It's tempting to suggest that if you have any interest in Iranian film in general, or in particular Asghar Farhadi — the director and writer of that shred-your-heart masterpiece A Separation — you should simply get yourself to Farhadi's About Elly without knowing a thing about it besides its title. It's also tempting to suggest that you haul with you one of those Americans who conceives of Iran as thoroughly hateful and homogenous, that West-hating land where everyone's a mullah. This superb, suspenseful film, completed in 2009, opens as a playful comedy of vacationing couples and awkward romance, one that might be set in the French countryside, but by the end it becomes a moral drama likely to corrode your certainties.
As Farhadi's ensemble arrives at an unkempt beach house on the Caspian Sea for an impulsive weekend away from Tehran, the married couples cluck and giggle at the two unattached members of their party, eager to see them fall for each other. You might be surprised at the breezy way those two — divorced Ahmad (Shahab Hosseini), a handsome expat returned home, and the shyly circumspect Elly (Taraneh Alidoosti), mostly unacquainted with the group — get passed off as newlyweds to the family that rents out the property. Beneath her hijab, Elly sometimes beams at this impropriety, sometimes looks alarmed, and mostly pretends not to notice. That's her response, too, when the marrieds, turned on at the thought of matchmaking, transparently contrive to pair these two off — and noisily razz Ahmad about his chances the second she steps away.
Few filmmakers can match Farhadi's touch with ensembles. In a frame packed with faces, he suggests, with little fuss, the relationships that tie and tug his cast members; his characters' bustling is meticulously staged, pregnant with meaning, yet never appears rehearsed. His films simply seem to observe people at the moments they are most fully and unknowingly themselves.
You may be struck by the familiarity of the opening scenes. The couples play charades, Elly a little shyly, especially the way Ahmad's looking at her. The men sit outside for a smoke while the women clean up. Nobody can get a signal on their cell phones. Two of the husbands annoy/delight everyone else with comic singing and dancing, routines that Desert Dancer — in theaters now — reminds us are technically forbidden. Meanwhile, a warmth blooms between Ahmad and Elly, even as she has to be persuaded by the other women to stick around for the full weekend. We see her on the beach, keeping an eye on the pair of children accompanying the vacationers but also getting caught up in the pleasure of kite-flying. Farhadi follows her face as she holds the string, shows us her worries — about what, we don't know — and then yields a flash of peacefulness and, finally, at last, her laughter.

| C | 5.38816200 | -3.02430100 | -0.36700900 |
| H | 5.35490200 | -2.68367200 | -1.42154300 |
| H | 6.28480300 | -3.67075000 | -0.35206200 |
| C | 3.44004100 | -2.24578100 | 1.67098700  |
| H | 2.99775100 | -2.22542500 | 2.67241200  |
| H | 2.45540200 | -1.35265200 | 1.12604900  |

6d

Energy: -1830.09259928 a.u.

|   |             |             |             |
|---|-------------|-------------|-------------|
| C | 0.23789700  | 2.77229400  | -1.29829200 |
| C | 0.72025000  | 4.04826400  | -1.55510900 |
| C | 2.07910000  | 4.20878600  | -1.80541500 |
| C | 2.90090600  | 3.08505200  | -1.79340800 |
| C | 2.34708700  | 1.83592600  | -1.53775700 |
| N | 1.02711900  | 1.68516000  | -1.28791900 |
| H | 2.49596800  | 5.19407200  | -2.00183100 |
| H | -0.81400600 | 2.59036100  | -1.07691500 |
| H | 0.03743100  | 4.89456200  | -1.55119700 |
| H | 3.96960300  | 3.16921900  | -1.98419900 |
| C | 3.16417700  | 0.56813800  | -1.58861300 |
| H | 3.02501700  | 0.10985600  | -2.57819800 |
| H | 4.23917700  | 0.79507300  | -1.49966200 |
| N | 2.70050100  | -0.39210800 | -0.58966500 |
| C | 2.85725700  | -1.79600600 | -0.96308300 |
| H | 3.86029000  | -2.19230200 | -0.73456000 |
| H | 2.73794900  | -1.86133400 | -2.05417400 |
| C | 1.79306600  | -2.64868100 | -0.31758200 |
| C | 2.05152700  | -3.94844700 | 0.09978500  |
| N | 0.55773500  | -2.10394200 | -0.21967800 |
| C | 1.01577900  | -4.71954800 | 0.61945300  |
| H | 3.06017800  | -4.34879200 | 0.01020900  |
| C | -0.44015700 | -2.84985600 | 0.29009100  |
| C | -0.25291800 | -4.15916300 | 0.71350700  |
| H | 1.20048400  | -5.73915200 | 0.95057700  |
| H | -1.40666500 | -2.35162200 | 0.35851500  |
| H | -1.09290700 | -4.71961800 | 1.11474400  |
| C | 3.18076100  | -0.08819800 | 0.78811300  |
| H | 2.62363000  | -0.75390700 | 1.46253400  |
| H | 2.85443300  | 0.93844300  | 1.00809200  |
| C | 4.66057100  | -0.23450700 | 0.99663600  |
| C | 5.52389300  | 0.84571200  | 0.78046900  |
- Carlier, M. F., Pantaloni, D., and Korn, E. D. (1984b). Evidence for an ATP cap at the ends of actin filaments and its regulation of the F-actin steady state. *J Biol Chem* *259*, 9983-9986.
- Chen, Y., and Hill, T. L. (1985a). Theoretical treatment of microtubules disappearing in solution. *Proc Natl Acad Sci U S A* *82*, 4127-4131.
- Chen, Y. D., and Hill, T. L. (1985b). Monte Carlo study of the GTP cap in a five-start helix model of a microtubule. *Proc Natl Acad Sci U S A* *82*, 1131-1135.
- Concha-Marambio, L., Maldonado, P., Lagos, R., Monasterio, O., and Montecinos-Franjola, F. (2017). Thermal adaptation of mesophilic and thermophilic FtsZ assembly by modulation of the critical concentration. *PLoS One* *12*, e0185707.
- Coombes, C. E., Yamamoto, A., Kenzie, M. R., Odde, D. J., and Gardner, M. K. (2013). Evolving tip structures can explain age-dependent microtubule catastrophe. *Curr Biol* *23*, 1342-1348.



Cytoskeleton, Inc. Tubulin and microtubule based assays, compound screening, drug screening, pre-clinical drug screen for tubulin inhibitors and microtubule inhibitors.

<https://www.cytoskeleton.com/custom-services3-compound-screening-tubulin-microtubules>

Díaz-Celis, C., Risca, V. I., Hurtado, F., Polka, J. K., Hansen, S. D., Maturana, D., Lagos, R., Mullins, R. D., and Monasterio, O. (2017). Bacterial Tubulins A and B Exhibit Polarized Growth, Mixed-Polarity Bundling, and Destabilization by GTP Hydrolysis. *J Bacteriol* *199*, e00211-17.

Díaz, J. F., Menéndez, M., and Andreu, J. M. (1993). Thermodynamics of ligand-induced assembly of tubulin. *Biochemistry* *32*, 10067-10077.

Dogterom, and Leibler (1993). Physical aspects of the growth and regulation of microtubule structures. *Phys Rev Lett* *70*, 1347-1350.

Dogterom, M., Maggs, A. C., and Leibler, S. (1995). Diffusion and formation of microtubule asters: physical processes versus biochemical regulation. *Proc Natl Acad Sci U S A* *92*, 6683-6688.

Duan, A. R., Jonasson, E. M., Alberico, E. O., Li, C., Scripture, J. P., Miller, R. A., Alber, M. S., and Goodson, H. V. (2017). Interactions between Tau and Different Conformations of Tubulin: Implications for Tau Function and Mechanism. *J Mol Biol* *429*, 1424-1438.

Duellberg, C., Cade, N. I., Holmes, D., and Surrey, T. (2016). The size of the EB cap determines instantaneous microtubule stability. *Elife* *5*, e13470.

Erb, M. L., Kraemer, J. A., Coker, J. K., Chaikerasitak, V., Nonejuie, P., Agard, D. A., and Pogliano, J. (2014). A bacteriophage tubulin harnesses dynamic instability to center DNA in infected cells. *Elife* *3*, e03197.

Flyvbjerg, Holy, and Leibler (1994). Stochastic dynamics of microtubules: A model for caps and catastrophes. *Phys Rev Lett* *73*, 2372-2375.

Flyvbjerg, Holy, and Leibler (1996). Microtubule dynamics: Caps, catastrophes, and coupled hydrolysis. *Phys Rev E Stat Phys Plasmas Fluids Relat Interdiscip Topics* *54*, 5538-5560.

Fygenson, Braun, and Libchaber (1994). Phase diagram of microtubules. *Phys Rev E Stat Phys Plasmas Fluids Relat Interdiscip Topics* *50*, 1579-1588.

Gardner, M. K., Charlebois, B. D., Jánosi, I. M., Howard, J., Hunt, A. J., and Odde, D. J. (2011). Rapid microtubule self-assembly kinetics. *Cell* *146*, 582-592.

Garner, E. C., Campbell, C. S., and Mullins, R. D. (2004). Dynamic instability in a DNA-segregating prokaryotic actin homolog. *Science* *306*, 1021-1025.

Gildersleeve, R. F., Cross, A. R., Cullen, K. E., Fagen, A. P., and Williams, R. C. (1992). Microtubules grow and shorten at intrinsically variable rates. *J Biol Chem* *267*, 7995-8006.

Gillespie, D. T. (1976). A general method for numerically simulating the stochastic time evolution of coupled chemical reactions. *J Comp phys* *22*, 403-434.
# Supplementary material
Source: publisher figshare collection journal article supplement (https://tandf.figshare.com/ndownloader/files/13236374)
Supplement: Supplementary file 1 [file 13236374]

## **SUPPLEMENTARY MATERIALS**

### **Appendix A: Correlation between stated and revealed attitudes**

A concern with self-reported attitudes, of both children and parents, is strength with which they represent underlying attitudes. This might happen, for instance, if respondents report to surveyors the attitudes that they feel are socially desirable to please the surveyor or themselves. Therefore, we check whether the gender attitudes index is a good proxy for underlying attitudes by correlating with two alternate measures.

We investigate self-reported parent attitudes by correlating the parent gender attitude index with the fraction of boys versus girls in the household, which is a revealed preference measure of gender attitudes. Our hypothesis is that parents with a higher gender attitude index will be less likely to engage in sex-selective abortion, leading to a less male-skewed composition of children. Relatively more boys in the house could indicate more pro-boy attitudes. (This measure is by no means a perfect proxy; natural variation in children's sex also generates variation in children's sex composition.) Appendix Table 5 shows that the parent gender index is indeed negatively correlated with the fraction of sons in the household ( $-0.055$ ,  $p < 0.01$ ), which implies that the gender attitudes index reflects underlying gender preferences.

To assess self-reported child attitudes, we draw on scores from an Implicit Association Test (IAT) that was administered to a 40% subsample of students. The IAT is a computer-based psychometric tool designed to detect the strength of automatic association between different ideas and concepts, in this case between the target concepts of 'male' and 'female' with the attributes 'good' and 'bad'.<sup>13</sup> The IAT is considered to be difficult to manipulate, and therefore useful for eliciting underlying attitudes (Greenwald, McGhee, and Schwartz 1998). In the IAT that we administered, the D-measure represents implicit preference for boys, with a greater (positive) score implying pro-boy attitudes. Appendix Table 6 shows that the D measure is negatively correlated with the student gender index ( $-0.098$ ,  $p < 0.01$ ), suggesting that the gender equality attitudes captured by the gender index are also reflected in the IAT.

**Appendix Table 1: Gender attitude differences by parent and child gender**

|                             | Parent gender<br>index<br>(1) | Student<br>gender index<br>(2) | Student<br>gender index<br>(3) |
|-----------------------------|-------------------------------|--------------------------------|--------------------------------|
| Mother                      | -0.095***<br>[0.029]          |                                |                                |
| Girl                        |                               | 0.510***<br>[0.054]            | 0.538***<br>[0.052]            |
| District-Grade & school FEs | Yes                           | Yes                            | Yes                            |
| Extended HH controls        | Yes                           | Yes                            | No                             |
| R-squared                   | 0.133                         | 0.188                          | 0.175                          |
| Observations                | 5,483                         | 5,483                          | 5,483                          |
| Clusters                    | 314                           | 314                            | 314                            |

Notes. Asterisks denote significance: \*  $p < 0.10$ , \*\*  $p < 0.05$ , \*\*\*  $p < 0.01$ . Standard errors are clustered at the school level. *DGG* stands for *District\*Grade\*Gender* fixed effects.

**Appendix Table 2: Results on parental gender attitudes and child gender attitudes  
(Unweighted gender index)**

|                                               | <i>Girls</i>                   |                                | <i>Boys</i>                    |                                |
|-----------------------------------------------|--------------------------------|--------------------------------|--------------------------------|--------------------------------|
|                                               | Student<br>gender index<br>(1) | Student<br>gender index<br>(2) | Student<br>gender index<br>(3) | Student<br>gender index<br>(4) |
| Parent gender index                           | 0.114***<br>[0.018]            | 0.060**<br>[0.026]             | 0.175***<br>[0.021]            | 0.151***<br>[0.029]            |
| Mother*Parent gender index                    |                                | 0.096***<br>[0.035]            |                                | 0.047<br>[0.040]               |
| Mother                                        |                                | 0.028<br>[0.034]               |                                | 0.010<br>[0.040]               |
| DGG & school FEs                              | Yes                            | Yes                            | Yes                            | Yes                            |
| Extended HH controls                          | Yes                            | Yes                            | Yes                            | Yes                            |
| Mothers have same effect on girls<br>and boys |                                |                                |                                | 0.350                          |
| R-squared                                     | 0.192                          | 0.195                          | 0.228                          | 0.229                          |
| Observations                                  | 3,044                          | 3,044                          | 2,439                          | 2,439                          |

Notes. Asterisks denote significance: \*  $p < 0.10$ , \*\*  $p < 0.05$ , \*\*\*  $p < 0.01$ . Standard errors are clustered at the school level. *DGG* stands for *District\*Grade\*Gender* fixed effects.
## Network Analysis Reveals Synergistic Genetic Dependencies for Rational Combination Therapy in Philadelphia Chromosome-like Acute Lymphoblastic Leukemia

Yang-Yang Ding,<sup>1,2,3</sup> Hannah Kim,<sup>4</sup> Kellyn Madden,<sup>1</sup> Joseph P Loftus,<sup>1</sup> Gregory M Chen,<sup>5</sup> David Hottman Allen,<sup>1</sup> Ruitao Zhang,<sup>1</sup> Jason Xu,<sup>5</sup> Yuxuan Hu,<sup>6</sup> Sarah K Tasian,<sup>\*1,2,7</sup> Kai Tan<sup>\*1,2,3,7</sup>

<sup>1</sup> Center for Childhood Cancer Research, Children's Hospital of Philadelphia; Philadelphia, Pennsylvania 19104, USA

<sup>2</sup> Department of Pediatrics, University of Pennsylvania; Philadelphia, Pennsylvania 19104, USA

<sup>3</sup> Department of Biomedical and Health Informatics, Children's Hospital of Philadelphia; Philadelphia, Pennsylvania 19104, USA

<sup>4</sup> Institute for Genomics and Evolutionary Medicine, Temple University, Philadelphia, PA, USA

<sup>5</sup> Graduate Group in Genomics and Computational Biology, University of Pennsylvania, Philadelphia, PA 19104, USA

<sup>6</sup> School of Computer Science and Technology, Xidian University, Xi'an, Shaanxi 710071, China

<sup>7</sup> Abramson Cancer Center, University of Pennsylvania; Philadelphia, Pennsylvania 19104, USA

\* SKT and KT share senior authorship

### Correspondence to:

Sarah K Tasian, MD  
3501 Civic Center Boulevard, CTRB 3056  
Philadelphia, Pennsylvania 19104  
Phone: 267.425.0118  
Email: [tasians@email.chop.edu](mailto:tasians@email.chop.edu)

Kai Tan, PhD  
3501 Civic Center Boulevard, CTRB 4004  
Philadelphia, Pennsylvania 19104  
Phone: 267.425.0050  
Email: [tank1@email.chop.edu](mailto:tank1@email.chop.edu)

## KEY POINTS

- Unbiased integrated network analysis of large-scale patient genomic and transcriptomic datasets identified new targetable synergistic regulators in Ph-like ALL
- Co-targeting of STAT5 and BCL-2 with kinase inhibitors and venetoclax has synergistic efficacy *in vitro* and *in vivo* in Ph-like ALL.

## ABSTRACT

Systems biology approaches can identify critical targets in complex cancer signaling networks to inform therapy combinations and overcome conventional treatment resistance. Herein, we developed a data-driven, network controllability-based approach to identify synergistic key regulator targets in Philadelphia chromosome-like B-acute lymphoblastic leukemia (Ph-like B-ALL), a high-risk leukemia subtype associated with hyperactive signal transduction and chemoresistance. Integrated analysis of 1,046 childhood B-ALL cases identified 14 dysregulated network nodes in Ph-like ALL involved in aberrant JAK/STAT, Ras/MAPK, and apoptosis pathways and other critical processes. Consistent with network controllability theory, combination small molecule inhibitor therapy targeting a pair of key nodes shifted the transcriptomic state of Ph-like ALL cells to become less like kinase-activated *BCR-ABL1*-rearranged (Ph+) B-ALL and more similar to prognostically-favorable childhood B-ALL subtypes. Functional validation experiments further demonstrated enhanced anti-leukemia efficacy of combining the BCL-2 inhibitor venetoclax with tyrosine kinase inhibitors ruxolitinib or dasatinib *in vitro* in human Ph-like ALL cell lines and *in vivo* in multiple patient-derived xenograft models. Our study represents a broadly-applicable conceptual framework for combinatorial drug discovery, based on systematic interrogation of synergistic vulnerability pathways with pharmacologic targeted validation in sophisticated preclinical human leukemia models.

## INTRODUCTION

And then there's a scream, and the movie becomes something else entirely, something more in line with L'Avventura than a country farce. All that casual living that might have surprised us earlier — in Iran, you can just lie that you're married when renting a room? — is, for the rest of the film, subjected to rigorous examination. You know the white lies and misunderstandings that underpin our romantic comedies? In About Elly, as in Farhadi's homeland, those might be high moral crimes or the seeds of tragedy. The film grows more frightening and compelling as it goes, reminding us that the free-spirited universality of its early scenes is still too often rare and dangerous; what lies, it asks, does such a society force its people to tell? What social roles must even the marginally religious perform? About Elly doesn't fully measure up to 2011's A Separation, but in its craft and wisdom and devastating inquiries, it, too, is essential.